William Goldman, master of the airport thriller

When I heard William Goldman died I checked my stacks to see which of his books I still kept around. To my surprise, besides a hardcover of The Princess Bride I'd given my wife some Christmases back, I had only one other title — Control, his 1982 . . . what? . . . paranormal thriller, I guess you'd say.

For my money William Goldman was the master of airport thrillers. He excelled at stoking a fever of expectation — Goldman knew what his characters wanted, and he knew how to make the reader want those things for the character, too. Often, after a tortuous cat-and-mouse pursuit, Goldman would grant the character's deepest wish. Then, just as reader and character were exhaling a post-coital sigh, Goldman slipped in the hook and yanked the whole thing sideways.

Slipped in the hook — no, I'm getting the sequence wrong. The whole thing went sideways, that's for sure — violently, more often than not. And what the reader realized at the end of the astonishing was that Goldman had actually slipped the hook in some chapters earlier.

Goldman's astonishment-delivery-system wasn't just attuned to the “Oh NO!!” end of the spectrum. My first Goldman novel was Marathon Man, which I read in my final year of high school (1983). I hadn't yet seen the movie, but I'd heard about, “Is it safe?” I read Marathon Man in one sitting after taking it home from the library. Goldman trotted out various characters, giving them each a chapter and narrating events from an authorial point-of-view that sat behind the character's eyes and sorted through episodes, thoughts and feelings.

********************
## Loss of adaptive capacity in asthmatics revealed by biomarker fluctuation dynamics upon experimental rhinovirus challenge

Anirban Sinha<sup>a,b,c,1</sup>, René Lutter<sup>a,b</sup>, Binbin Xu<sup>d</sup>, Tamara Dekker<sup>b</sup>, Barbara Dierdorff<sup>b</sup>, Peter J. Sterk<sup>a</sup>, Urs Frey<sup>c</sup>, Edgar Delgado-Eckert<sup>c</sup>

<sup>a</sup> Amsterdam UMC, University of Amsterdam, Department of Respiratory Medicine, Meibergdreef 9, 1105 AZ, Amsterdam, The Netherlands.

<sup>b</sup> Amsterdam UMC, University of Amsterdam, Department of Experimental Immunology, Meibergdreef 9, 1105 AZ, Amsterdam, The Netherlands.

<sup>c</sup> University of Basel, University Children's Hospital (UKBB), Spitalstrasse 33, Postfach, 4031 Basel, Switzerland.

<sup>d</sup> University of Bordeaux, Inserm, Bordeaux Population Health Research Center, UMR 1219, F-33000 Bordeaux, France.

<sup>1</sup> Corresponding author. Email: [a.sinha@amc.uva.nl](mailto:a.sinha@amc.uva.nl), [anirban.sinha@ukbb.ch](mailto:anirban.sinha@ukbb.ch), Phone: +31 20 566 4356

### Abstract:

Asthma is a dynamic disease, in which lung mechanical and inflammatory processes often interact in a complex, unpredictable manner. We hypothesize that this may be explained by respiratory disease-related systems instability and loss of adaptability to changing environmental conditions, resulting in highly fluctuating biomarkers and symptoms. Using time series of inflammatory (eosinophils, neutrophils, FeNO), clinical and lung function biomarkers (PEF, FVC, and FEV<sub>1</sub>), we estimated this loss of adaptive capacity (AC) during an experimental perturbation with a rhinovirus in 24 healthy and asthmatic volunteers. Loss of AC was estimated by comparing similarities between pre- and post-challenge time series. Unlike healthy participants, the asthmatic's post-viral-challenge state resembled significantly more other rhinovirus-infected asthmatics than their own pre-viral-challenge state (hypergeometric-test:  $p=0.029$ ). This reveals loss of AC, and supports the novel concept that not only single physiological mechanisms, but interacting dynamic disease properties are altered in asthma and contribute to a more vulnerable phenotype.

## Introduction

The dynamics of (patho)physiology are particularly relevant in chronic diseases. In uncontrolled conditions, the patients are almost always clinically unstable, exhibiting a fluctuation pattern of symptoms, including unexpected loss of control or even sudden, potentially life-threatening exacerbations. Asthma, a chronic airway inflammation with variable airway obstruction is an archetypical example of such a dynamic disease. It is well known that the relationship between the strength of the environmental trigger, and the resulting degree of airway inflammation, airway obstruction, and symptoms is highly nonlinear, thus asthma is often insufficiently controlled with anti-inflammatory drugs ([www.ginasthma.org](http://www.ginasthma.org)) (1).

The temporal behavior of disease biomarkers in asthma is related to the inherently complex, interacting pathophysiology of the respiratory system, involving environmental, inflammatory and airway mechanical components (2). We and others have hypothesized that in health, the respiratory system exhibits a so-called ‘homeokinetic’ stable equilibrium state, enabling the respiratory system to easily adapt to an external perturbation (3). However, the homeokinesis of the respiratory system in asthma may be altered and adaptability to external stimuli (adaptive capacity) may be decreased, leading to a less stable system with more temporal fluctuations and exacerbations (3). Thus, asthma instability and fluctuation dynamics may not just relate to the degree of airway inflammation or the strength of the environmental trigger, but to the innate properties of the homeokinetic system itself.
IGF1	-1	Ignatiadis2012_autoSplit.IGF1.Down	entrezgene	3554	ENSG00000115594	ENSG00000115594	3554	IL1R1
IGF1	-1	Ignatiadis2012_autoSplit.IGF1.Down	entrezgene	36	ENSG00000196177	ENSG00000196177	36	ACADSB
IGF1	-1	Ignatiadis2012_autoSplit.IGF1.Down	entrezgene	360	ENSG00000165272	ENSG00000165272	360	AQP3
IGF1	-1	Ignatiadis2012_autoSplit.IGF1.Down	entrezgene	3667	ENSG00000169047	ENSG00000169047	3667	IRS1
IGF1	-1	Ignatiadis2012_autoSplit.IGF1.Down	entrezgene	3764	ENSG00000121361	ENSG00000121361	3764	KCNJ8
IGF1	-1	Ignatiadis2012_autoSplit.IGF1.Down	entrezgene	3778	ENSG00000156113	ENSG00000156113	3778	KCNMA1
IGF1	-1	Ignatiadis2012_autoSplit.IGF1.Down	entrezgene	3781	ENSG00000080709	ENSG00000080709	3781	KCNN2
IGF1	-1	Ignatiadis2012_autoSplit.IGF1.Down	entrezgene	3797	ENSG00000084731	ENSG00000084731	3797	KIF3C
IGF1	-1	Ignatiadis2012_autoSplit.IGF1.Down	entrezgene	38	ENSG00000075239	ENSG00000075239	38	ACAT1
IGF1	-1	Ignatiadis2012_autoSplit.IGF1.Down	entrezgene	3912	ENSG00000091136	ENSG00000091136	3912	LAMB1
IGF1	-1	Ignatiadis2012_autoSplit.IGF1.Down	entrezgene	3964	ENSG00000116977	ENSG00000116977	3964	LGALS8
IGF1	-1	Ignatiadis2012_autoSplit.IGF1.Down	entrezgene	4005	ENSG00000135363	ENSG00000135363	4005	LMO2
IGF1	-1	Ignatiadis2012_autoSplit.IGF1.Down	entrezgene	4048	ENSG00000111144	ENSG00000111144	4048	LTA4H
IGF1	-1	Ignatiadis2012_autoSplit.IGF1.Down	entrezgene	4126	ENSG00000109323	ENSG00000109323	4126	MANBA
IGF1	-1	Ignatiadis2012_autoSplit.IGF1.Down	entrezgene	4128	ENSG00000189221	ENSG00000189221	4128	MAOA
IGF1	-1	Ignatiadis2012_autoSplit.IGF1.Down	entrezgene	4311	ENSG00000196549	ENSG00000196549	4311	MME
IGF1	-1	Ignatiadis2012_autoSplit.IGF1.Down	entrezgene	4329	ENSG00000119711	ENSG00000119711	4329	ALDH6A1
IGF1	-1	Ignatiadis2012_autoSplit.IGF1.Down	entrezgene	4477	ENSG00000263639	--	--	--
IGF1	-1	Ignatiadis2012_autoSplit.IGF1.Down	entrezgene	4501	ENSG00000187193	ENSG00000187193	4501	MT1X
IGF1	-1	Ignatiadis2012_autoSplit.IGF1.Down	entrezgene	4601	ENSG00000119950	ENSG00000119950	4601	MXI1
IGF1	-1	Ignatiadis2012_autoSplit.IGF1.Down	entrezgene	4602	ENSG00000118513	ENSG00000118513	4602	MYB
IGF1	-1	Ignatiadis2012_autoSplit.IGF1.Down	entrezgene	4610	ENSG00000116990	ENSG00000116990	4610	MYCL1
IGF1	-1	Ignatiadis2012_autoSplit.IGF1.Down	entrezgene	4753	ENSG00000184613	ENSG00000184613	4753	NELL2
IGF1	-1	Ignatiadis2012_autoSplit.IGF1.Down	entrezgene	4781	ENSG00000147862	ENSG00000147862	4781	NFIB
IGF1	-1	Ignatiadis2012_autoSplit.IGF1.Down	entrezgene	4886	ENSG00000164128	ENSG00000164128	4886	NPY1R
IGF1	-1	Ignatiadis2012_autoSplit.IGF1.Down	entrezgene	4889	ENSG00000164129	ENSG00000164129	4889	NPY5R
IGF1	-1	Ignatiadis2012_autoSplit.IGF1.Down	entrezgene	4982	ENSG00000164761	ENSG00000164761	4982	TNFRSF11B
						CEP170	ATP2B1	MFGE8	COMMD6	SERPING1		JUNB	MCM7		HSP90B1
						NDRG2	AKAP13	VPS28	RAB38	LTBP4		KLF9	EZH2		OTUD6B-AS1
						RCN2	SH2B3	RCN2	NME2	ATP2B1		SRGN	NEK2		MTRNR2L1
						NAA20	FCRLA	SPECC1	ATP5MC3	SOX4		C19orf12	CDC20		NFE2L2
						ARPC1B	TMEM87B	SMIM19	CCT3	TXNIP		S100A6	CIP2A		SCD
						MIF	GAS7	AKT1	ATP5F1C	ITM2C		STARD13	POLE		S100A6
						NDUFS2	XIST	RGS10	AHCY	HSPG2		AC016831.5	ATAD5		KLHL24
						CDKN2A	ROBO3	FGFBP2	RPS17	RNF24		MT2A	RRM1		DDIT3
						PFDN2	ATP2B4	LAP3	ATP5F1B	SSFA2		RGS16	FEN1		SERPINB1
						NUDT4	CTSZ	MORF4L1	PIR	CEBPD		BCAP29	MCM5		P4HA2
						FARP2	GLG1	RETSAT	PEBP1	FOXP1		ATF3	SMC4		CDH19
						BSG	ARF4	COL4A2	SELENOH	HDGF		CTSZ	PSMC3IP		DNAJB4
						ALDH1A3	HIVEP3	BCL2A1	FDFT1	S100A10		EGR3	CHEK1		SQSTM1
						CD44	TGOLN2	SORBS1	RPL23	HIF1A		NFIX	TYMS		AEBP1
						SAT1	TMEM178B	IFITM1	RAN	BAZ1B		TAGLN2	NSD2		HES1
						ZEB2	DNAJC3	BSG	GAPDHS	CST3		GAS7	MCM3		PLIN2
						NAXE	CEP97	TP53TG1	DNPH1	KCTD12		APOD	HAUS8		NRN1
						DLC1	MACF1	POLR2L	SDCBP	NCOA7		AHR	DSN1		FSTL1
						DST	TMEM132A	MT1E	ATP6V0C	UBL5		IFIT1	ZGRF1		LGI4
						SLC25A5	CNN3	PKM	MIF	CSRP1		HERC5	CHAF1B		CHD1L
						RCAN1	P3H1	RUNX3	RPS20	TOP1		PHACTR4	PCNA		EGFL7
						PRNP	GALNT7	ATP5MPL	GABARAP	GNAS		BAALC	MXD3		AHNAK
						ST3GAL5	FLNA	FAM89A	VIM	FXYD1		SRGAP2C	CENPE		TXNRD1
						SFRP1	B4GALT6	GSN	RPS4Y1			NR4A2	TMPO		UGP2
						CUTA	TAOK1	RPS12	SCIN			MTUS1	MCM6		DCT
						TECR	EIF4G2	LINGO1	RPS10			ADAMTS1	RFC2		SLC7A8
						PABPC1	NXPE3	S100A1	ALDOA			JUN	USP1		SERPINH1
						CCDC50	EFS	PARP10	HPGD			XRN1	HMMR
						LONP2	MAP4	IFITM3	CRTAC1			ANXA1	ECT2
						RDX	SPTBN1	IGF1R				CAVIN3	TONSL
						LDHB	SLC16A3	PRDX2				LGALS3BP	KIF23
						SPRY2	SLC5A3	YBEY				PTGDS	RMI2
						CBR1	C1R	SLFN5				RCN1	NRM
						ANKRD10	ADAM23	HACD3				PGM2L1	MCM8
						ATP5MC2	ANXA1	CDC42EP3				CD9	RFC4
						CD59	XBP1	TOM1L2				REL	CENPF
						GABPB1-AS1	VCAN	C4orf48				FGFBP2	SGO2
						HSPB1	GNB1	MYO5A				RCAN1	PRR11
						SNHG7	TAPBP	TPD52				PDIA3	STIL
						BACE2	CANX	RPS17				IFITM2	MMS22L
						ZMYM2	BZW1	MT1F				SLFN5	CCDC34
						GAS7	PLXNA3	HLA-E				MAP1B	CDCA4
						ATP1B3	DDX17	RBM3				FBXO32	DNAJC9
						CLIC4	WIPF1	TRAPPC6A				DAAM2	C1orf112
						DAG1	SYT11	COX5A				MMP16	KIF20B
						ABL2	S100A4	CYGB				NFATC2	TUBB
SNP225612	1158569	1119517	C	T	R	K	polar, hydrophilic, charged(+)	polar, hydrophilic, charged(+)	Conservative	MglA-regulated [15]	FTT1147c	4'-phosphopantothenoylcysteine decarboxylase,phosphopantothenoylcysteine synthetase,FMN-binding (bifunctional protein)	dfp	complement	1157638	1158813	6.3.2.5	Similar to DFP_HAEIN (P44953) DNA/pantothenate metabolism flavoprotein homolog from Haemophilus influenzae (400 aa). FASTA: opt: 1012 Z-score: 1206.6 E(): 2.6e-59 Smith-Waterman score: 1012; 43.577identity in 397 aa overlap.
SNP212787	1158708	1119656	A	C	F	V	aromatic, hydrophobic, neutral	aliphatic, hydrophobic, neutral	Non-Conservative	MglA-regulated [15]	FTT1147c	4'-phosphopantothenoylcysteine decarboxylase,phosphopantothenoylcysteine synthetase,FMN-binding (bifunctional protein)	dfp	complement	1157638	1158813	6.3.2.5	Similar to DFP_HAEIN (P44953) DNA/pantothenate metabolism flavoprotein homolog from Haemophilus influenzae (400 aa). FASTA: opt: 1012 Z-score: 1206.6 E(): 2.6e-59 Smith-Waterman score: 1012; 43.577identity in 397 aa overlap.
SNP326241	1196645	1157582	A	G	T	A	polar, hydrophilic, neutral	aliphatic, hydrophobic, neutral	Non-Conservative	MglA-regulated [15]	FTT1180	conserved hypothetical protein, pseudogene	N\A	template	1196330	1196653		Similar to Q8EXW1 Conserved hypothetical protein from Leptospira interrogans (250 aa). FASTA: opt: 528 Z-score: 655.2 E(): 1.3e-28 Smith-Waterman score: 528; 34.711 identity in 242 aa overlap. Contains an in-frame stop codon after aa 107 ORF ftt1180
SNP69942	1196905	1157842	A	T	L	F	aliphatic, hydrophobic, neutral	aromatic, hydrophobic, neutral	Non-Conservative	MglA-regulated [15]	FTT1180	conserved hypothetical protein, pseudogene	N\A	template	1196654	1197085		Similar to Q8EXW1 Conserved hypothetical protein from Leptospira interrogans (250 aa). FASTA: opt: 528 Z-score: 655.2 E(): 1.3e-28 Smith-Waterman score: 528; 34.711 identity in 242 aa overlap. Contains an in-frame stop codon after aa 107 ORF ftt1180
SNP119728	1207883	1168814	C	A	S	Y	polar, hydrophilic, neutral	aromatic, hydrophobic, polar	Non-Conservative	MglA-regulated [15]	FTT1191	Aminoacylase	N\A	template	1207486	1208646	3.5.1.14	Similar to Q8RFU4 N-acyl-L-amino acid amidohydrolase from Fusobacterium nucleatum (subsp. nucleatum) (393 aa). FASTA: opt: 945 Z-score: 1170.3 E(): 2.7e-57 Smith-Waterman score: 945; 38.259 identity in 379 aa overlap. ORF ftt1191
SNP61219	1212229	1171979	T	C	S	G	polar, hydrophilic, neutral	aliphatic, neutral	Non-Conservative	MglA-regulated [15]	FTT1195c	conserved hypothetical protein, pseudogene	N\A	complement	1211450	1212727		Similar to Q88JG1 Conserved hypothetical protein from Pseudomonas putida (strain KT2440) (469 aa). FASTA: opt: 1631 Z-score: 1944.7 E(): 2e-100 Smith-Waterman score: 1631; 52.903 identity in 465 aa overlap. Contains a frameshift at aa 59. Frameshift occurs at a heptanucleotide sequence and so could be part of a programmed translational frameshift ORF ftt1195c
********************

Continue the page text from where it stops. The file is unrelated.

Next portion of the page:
“Doc” Levy is some vaguely-defined professional who works for The Agency (again, no specifics) and what preoccupies Doc's thoughts is his lover Janey. He mulls ruefully over Janey's teasing expressions of concern, and admits to himself that this sass is what made him fall for Janey to begin with, how the early conversational exchanges led to longer exchanges and finally to the glorious realization that Doc wanted Janey there beside him for every morning of every day, and — joy of joys — Janey felt the same way!

I don't recall how much further into the book it took — probably one or two more chapters — for me to realize, “Wait: Janey is a GUY?”